Asymmetric Information. It’s Impact on the Financial Markets Econ 102. What is the Problem?.
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In economics and contract theory, information asymmetry deals with the study of decisions in transactions where one party has more or better information than the other. This creates an imbalance of power in transactions which can sometimes cause the transactions to go awry.
Seller usually has better information: used-car salespeople, mortgage brokers and loan originators, stockbrokers, Realtors, real estate agents, and life insurance transactions.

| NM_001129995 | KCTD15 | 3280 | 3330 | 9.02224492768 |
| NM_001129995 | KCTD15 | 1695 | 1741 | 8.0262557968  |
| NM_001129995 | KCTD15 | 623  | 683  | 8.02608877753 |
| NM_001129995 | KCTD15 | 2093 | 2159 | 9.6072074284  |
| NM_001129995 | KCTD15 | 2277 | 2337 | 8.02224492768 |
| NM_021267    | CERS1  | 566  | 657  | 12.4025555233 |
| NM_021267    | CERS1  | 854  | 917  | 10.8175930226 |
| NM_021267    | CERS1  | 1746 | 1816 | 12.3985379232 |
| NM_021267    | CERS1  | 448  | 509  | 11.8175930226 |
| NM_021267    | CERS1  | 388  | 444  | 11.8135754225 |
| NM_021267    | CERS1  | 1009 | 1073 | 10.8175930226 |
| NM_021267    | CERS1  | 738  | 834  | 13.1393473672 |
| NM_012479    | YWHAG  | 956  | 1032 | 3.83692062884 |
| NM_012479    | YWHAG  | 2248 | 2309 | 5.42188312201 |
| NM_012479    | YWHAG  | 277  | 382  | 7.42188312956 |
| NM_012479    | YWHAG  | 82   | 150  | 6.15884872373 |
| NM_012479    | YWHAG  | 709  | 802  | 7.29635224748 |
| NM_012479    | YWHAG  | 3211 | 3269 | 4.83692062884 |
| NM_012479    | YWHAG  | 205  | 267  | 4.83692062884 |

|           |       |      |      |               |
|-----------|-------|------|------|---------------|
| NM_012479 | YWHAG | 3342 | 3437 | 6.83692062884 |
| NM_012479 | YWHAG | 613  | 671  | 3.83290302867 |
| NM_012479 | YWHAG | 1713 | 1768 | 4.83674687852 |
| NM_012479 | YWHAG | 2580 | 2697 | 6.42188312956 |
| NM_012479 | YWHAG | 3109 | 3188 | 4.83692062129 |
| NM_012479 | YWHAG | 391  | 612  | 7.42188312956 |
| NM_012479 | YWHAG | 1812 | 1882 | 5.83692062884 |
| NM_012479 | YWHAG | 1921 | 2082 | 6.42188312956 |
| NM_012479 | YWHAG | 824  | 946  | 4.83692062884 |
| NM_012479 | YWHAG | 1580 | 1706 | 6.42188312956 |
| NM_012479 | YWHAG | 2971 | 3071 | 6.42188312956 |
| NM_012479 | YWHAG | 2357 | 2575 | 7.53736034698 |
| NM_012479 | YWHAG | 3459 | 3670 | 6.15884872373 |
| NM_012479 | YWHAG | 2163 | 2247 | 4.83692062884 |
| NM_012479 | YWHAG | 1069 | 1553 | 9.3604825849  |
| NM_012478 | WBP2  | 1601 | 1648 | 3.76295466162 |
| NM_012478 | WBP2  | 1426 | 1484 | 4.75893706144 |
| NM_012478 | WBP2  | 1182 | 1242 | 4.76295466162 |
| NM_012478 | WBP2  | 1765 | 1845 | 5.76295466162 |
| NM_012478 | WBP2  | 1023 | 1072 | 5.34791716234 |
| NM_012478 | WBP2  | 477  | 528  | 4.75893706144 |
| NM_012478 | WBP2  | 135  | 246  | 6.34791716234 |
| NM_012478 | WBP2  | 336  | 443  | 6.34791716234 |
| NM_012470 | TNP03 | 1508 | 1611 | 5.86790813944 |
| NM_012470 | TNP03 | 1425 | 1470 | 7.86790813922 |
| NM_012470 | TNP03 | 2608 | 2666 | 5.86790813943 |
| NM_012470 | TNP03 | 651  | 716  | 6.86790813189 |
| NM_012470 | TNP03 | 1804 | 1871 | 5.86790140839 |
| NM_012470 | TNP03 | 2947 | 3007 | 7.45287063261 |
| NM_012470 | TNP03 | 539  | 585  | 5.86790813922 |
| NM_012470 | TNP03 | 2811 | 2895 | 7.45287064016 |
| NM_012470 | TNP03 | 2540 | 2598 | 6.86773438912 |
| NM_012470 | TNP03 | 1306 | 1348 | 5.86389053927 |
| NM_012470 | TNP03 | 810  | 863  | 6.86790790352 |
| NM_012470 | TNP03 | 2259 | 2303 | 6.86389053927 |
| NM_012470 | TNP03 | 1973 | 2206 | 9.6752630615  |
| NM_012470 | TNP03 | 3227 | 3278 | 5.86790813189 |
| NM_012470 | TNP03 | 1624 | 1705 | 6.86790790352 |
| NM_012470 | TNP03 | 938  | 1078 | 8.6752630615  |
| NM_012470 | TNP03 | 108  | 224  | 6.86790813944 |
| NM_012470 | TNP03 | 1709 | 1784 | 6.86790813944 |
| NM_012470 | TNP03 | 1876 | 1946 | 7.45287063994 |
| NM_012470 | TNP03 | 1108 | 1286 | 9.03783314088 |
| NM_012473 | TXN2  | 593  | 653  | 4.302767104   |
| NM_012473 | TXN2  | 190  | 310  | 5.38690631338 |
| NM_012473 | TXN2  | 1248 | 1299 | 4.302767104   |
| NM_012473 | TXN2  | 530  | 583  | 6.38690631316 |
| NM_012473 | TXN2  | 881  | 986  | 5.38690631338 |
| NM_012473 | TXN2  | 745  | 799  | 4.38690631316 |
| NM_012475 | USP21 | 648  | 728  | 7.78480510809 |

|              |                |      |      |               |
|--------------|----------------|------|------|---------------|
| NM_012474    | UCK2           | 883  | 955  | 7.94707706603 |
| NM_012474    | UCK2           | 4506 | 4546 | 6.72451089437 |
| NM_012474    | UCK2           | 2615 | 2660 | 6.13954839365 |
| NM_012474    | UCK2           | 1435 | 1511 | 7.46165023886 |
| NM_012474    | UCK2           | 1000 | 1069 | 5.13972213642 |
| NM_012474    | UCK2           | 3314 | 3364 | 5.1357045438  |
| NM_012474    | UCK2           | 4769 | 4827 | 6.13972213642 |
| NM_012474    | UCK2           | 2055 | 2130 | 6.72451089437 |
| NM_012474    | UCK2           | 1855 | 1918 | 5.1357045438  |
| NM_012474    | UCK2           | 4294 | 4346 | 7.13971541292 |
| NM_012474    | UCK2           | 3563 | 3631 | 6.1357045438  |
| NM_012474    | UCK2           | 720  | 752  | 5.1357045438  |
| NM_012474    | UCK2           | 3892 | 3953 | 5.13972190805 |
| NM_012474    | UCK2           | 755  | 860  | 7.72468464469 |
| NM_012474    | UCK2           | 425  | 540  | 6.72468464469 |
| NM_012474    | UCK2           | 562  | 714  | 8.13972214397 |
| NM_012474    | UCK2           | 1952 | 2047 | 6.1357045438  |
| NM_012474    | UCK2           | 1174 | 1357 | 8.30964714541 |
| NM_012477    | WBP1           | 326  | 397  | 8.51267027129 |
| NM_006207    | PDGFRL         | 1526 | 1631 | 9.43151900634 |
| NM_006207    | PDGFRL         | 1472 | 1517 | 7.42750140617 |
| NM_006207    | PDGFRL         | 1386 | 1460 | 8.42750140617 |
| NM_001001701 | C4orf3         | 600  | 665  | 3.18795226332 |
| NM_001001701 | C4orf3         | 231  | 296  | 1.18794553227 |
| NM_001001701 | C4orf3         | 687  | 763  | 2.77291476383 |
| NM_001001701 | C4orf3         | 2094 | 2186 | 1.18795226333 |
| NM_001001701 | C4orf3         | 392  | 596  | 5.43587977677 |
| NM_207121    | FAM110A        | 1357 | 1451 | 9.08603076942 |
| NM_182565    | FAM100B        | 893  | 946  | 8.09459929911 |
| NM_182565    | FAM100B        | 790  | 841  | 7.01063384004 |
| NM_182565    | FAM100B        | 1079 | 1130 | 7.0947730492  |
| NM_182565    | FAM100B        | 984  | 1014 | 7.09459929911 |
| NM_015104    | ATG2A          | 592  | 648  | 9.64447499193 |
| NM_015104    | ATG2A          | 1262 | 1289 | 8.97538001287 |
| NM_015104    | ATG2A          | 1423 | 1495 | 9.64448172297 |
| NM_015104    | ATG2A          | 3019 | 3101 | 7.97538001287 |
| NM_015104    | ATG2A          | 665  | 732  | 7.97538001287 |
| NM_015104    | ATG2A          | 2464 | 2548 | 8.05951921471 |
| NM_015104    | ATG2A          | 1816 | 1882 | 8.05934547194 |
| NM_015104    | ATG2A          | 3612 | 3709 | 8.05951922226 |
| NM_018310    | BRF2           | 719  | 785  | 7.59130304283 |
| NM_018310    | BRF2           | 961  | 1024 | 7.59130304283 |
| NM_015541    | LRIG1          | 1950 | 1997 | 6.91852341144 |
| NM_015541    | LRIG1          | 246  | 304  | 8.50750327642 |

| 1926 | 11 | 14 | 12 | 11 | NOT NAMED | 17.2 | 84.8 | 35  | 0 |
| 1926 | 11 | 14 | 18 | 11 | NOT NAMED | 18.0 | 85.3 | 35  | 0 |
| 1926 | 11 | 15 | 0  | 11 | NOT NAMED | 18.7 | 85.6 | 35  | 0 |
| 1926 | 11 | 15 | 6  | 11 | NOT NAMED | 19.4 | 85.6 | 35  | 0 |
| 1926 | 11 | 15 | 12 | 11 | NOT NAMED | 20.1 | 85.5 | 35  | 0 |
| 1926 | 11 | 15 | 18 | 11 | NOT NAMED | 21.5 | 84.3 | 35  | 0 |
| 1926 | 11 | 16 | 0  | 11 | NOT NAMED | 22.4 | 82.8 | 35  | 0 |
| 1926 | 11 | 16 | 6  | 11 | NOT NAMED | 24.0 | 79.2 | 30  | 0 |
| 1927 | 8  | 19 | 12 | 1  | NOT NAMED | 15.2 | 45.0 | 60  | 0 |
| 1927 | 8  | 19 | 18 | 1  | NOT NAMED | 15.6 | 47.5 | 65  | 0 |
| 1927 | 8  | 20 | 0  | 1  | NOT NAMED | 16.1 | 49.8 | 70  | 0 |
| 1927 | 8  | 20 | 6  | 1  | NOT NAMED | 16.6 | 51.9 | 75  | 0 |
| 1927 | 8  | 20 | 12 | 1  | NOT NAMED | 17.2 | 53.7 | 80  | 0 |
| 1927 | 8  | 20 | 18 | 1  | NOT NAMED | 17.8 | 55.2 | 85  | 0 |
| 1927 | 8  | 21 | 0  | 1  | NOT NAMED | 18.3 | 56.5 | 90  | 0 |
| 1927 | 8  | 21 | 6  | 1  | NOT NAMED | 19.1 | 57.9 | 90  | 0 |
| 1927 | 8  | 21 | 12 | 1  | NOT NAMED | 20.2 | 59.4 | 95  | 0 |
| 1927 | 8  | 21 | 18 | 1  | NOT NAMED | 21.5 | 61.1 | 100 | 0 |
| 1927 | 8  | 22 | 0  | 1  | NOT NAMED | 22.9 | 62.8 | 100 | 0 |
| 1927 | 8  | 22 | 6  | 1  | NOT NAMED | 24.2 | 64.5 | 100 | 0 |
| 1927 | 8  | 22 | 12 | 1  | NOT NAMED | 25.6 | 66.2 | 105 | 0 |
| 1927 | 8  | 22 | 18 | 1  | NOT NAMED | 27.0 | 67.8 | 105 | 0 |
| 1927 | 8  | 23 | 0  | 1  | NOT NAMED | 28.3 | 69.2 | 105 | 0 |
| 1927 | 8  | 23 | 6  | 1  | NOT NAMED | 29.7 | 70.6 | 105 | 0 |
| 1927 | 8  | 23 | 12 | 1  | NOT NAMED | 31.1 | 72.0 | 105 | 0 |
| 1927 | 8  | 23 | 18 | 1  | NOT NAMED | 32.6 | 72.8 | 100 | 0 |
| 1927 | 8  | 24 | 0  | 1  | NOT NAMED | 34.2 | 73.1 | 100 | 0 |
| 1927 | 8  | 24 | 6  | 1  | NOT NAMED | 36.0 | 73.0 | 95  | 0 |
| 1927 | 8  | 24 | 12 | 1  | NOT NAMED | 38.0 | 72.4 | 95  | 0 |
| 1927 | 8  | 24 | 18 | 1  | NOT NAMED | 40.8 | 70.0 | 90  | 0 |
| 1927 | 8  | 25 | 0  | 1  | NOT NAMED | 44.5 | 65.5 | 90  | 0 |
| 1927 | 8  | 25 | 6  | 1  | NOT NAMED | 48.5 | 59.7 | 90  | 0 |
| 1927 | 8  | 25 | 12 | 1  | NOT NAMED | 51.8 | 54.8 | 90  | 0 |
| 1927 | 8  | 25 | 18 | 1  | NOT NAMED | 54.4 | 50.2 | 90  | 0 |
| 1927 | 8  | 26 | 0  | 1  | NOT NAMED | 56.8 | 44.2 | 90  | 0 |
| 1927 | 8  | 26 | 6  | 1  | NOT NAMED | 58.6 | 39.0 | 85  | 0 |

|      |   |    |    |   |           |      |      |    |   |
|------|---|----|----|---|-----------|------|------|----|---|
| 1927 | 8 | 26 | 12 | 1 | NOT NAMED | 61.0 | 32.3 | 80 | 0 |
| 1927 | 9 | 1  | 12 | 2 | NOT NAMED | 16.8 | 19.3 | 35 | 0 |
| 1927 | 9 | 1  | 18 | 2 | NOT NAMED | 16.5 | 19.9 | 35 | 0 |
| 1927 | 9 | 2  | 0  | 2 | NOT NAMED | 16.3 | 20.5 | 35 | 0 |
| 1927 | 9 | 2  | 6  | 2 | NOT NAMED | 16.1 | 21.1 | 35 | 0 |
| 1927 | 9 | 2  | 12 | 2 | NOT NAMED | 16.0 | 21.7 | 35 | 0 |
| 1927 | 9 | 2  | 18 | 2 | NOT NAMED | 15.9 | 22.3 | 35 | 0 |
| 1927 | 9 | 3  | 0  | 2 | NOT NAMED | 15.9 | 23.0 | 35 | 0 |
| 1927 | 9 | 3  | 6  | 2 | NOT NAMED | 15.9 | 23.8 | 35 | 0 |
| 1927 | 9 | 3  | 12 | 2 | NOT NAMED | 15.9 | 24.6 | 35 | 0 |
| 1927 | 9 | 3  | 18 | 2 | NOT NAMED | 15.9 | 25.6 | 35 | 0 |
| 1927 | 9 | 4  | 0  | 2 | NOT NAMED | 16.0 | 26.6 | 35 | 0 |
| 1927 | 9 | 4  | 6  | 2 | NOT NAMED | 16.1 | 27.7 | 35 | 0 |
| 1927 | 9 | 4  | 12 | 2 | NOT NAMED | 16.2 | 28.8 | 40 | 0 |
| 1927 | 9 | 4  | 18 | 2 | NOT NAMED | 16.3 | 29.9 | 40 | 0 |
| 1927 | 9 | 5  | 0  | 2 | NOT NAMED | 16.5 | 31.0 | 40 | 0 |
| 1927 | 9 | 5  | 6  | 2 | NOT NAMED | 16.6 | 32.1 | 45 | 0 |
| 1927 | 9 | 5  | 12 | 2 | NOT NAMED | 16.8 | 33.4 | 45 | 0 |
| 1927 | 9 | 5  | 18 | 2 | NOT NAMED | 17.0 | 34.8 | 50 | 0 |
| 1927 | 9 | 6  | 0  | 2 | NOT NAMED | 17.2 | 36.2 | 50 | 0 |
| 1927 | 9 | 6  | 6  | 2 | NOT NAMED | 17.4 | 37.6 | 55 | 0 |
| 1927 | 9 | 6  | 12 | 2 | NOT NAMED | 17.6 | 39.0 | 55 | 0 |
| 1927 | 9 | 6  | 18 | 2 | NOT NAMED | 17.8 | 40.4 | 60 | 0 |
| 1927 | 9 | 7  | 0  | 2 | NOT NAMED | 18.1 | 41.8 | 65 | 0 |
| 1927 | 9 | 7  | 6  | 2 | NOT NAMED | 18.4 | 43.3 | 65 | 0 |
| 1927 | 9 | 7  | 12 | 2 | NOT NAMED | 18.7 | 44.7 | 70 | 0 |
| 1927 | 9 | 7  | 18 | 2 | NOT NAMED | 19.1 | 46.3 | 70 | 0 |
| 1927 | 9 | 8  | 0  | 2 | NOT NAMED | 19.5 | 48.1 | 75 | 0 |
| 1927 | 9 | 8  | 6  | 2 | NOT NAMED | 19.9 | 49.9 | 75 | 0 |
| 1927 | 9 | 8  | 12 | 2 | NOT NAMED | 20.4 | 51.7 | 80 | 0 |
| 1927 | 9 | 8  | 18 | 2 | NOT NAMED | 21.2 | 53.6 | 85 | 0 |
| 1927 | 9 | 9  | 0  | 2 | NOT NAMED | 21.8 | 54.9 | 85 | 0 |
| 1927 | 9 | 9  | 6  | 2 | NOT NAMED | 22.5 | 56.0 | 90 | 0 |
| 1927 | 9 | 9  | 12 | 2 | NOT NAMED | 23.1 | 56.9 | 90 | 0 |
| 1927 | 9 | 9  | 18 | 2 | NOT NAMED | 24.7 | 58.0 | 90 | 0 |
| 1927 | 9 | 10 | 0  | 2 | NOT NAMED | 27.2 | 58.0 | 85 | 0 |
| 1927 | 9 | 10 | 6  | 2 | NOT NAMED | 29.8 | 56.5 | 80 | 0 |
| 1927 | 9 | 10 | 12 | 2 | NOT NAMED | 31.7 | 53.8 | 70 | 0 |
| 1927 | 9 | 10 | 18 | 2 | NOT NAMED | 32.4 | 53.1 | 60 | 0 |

Buyer usually has better information: estate sales as specified in a last will and testament, or sales of old art pieces without prior professional assessment of their value. This situation was first described by Kenneth J. Arrow in an article on health care in 1963.
moral hazard the ignorant party lacks information about performance of the agreed-upon transaction or lacks the ability to retaliate for a breach of the agreement
An example of moral hazard is when people are more likely to behave recklessly after becoming insured, either because the insurer cannot observe this behavior or cannot effectively retaliate against it, for example by failing to renew the insurance.